Individuals of Hispanic origin represent the largest minority group in the United States. According to the Substance Abuse and Mental Health Services Administration (SAMHSA), the rate of abstinence from alcohol in Hispanic females is higher than the rate of abstinence from alcohol in Hispanic men. In addition, Hispanic females who report that they drink alcohol consume significantly less than Hispanic men do. For instance, in one survey SAMHSA reports the following:
- Among Hispanic women, 12% reported frequent use of alcohol.
- Among Hispanic men, 33% reported frequent use of alcohol.
- Among Hispanic women, 57% reported abstinence from alcohol.
- Among Hispanic men, 35% reported abstinence from alcohol.
Research indicates that many Hispanic individuals maintain the cultural norms associated with their particular area of origin regarding their use of alcohol (e.g., Mexican, Cuban, etc.). Differences between Hispanic individuals from particular areas regarding use of alcohol or other substances is primarily dependent on their country of origin, their age, and the level of acculturation they have attained with regard to accepting mainstream American norms and values. This complicates overall findings when researchers and organizations attempt to report statistics associated with alcohol use and abuse in individuals of Hispanic origin. However, many of the sources that do generalize report that alcohol use and abuse is higher in the Hispanic community than it is in other groups, such as Caucasians, Asians, and individuals of Middle Eastern background.
According to 2003-2011 data from the National Survey on Drug Use and Health published by SAMHSA, the following was true for individuals over the age of 12:
- It was estimated that 9.9% of Hispanic individuals needed treatment, whereas 9.2% of non-Hispanic needed treatment for any substance use disorder.
- Approximately 9% of Hispanic individuals receive treatment for a substance use disorder, whereas approximately 10.5% of non-Hispanic individuals received treatment.
- Approximately 3.6% of Hispanic individuals felt they needed treatment for substance abuse and did not receive treatment, whereas approximately 3.5% of non-Hispanic individuals felt they needed treatment and did not receive it.
- Approximately 2% of Hispanic individuals felt the need for treatment for substance abuse and sought treatment, whereas approximately 1.7% of non-Hispanic individuals felt that they needed treatment and sought treatment.
Self-reported past-month use of alcohol in Hispanic adolescents (15.8%) was generally consistent with the national average of past-month alcohol use for individuals between the ages of 12 and 17 (16%).
Thus, the data indicates that there are only slight differences in the percentages of individuals of Hispanic origin and non-Hispanic origin who need treatment for substance use disorders, get treatment for substance use disorders, and do not get treatment for substance use disorders. These differences would most likely not approach statistical significance (except perhaps for the overall percentages of individuals who received treatment for any substance use disorder). However, the issue of substance abuse, particularly abuse of alcohol, in individuals of Hispanic origin living in the United States is very complicated, is most likely not fully addressed, and deserves special considerations.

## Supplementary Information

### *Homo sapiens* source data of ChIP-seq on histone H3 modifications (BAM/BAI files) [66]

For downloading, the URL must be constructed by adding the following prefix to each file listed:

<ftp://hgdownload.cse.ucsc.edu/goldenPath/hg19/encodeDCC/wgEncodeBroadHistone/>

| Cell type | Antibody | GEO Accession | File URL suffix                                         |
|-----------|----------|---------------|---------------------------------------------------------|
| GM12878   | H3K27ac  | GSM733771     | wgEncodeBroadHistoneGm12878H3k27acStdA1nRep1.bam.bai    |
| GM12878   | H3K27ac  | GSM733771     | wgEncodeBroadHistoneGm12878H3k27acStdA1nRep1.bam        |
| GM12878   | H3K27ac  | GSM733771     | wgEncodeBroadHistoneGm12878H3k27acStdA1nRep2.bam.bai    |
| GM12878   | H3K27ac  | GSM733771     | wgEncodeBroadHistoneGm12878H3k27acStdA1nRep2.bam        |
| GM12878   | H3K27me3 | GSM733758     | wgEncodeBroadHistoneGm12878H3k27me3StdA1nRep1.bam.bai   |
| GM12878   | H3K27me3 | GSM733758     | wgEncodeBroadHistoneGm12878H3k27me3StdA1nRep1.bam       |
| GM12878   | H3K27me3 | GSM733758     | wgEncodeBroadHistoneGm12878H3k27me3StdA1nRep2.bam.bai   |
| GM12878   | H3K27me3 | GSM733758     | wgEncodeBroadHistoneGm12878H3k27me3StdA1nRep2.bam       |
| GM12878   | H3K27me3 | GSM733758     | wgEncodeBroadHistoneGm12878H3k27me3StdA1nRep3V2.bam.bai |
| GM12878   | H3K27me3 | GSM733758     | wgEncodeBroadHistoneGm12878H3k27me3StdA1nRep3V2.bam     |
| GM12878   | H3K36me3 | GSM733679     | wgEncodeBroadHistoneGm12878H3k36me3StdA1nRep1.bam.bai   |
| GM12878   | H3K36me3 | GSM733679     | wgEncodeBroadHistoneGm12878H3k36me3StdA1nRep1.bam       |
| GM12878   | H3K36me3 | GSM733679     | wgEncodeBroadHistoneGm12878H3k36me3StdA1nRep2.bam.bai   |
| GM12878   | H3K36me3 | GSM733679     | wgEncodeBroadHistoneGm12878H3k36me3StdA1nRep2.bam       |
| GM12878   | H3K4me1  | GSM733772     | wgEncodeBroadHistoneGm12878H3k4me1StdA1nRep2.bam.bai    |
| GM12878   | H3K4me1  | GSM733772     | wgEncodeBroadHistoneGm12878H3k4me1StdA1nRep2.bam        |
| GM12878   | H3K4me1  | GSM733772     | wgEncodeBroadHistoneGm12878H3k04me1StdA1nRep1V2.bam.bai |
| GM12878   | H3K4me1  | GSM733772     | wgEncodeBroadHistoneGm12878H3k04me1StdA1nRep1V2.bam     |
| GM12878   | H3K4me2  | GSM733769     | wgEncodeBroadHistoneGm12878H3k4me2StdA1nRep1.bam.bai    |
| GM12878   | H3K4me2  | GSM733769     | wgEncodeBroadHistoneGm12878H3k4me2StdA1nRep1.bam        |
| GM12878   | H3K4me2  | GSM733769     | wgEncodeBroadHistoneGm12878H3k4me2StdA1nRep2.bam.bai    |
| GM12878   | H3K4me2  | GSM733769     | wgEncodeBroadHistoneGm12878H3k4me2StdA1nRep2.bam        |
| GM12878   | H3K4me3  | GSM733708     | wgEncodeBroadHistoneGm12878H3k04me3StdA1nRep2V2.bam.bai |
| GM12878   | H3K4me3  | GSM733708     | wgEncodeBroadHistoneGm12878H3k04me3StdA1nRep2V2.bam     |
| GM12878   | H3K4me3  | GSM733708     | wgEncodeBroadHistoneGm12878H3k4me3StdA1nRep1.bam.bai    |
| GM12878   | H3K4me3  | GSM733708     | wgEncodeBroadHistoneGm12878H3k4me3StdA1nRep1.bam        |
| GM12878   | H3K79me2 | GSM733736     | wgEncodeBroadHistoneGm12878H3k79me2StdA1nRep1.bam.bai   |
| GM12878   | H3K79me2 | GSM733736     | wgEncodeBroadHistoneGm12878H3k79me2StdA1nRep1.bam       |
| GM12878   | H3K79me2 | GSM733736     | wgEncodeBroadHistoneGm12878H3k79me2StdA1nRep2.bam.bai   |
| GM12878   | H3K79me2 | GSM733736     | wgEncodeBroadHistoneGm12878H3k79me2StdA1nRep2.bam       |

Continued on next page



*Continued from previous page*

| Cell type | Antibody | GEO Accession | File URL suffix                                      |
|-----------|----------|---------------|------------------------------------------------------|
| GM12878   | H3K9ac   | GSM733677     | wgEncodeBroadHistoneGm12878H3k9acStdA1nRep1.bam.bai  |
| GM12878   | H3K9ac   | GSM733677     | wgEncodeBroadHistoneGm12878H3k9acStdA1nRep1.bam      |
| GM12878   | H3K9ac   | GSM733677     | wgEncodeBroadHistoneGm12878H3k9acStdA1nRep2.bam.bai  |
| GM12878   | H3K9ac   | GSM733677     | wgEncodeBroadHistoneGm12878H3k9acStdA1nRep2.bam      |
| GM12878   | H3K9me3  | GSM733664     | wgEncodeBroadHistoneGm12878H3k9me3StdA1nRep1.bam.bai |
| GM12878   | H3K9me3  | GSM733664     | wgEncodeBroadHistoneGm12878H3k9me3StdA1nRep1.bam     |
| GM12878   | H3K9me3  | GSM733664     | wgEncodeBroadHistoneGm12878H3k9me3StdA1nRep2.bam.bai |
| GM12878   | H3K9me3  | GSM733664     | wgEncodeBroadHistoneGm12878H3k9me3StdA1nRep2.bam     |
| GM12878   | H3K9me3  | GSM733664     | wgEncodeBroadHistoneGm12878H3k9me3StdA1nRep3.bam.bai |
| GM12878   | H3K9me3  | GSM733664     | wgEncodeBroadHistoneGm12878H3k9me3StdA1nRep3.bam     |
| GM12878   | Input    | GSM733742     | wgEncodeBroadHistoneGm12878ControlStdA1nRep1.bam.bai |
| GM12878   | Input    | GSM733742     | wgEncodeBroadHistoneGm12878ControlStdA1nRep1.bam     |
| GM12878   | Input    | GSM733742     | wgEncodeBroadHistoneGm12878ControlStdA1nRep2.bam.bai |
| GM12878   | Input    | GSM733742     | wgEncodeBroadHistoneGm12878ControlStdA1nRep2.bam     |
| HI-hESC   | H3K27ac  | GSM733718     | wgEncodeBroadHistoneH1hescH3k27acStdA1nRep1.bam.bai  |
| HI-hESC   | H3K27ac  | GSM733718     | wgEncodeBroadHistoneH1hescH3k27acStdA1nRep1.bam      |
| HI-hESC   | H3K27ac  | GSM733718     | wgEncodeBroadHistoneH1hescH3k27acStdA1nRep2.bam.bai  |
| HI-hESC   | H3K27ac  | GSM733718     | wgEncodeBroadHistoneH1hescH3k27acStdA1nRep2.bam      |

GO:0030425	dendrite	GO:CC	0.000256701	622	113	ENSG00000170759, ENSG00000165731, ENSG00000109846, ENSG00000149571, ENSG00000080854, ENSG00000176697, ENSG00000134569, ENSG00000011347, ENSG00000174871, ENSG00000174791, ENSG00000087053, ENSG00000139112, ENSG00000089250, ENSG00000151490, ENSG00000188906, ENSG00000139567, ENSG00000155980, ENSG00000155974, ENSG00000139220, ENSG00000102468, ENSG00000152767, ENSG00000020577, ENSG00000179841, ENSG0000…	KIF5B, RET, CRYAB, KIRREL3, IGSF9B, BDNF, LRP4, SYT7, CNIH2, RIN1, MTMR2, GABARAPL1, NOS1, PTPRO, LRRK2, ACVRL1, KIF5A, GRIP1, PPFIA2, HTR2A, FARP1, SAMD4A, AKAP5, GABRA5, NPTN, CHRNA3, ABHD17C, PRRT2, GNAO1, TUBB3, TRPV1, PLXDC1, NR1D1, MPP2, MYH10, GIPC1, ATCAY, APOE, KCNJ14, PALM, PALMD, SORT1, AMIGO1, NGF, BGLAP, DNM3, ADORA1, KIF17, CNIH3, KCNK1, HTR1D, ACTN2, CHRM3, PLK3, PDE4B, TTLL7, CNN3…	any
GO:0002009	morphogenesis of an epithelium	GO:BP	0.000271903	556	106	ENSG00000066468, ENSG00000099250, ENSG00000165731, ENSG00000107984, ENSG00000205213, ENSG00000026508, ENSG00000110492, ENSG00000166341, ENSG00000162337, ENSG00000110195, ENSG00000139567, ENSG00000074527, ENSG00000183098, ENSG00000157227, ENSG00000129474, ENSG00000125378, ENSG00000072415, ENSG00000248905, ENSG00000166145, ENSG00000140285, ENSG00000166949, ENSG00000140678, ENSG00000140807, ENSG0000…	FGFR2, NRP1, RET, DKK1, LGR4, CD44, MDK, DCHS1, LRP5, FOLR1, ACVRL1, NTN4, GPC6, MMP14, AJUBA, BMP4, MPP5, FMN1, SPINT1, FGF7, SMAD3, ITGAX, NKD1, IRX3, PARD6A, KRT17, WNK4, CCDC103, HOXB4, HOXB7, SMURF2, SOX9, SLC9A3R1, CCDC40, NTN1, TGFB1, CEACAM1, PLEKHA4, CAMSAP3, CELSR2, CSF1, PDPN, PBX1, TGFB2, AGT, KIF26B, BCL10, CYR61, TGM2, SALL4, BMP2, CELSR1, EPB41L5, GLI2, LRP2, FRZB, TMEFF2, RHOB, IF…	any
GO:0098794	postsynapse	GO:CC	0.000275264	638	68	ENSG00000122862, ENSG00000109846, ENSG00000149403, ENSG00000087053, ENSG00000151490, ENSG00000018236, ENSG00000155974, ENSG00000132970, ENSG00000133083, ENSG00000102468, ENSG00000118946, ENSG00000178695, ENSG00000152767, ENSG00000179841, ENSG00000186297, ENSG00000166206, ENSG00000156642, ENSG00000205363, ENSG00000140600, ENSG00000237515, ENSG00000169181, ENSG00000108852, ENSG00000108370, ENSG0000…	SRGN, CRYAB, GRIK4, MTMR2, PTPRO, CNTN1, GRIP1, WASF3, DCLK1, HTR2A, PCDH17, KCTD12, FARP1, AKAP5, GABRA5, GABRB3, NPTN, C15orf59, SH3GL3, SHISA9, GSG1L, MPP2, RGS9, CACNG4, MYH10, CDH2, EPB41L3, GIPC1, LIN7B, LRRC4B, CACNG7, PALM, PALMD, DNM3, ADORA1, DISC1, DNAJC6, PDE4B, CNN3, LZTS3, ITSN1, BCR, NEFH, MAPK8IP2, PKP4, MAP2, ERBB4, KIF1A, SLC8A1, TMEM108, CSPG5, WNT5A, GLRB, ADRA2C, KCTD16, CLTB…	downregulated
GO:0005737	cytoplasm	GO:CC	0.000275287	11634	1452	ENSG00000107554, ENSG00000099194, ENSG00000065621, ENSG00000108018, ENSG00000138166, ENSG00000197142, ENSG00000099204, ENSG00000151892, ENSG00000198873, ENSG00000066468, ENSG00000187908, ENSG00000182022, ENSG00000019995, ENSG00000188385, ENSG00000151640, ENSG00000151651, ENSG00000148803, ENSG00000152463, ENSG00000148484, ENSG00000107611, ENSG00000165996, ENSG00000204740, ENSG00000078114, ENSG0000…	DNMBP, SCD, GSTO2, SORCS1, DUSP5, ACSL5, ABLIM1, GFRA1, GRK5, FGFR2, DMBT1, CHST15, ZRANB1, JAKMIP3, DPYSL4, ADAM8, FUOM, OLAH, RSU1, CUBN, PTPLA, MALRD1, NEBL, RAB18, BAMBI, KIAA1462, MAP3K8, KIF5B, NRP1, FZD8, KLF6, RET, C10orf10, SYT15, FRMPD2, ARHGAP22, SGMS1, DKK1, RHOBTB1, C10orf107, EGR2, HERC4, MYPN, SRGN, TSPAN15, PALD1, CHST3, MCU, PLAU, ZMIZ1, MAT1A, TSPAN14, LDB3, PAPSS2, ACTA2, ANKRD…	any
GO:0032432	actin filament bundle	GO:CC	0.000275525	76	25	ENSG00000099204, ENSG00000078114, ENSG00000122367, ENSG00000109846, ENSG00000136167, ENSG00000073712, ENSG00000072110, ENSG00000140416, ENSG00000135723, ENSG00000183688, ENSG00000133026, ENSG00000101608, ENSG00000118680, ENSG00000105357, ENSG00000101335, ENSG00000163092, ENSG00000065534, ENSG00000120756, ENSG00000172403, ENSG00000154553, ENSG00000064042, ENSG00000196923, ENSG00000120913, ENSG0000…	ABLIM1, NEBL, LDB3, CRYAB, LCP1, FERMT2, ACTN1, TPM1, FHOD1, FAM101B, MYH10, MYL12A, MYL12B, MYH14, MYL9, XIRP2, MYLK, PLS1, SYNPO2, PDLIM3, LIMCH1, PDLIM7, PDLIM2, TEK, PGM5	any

Special Areas of Concern
The National Institute on Alcohol Abuse and Alcoholism (NIAAA) has identified areas of concern that apply to Hispanic individuals and that can complicate both the collection of data regarding alcohol abuse and use prevalence, identifying alcohol use disorders in individuals, and treating alcohol use disorders in these individuals. Some of these areas of concern include:
- Cultural barriers, language barriers, and other barriers to communication
- Issues with discrimination and even perceived discrimination
- Fears of being singled out or persecuted
- The level of acculturation achieved by the particular individual
- Barriers to access to medical care
- Cultural views of treatment for addiction
- Family responsibilities that may result in some individuals not seeking treatment
- Stigma or shame associated with being diagnosed with an addiction or alcohol use disorder or being in treatment for one
- Obvious issues with undocumented immigrants, such as the fear of deportation, fears of persecution, lack of resources, etc.
For example, research has produced findings that indicate that Hispanic immigrants who rejected major American values and norms in favor of retaining their own cultural values were over 10 times less likely to report using high amounts of alcohol or other drugs, whereas Hispanic immigrants who chose to adopt the American lifestyle were more likely to report the abuse of alcohol and/or other drugs. Moreover, research, such as information presented in a research article in the Journal of Health and Social Behavior, has indicated that as a group, Hispanics in the United States are at a greater risk for developing issues with addictive behaviors than these individuals are in their home countries.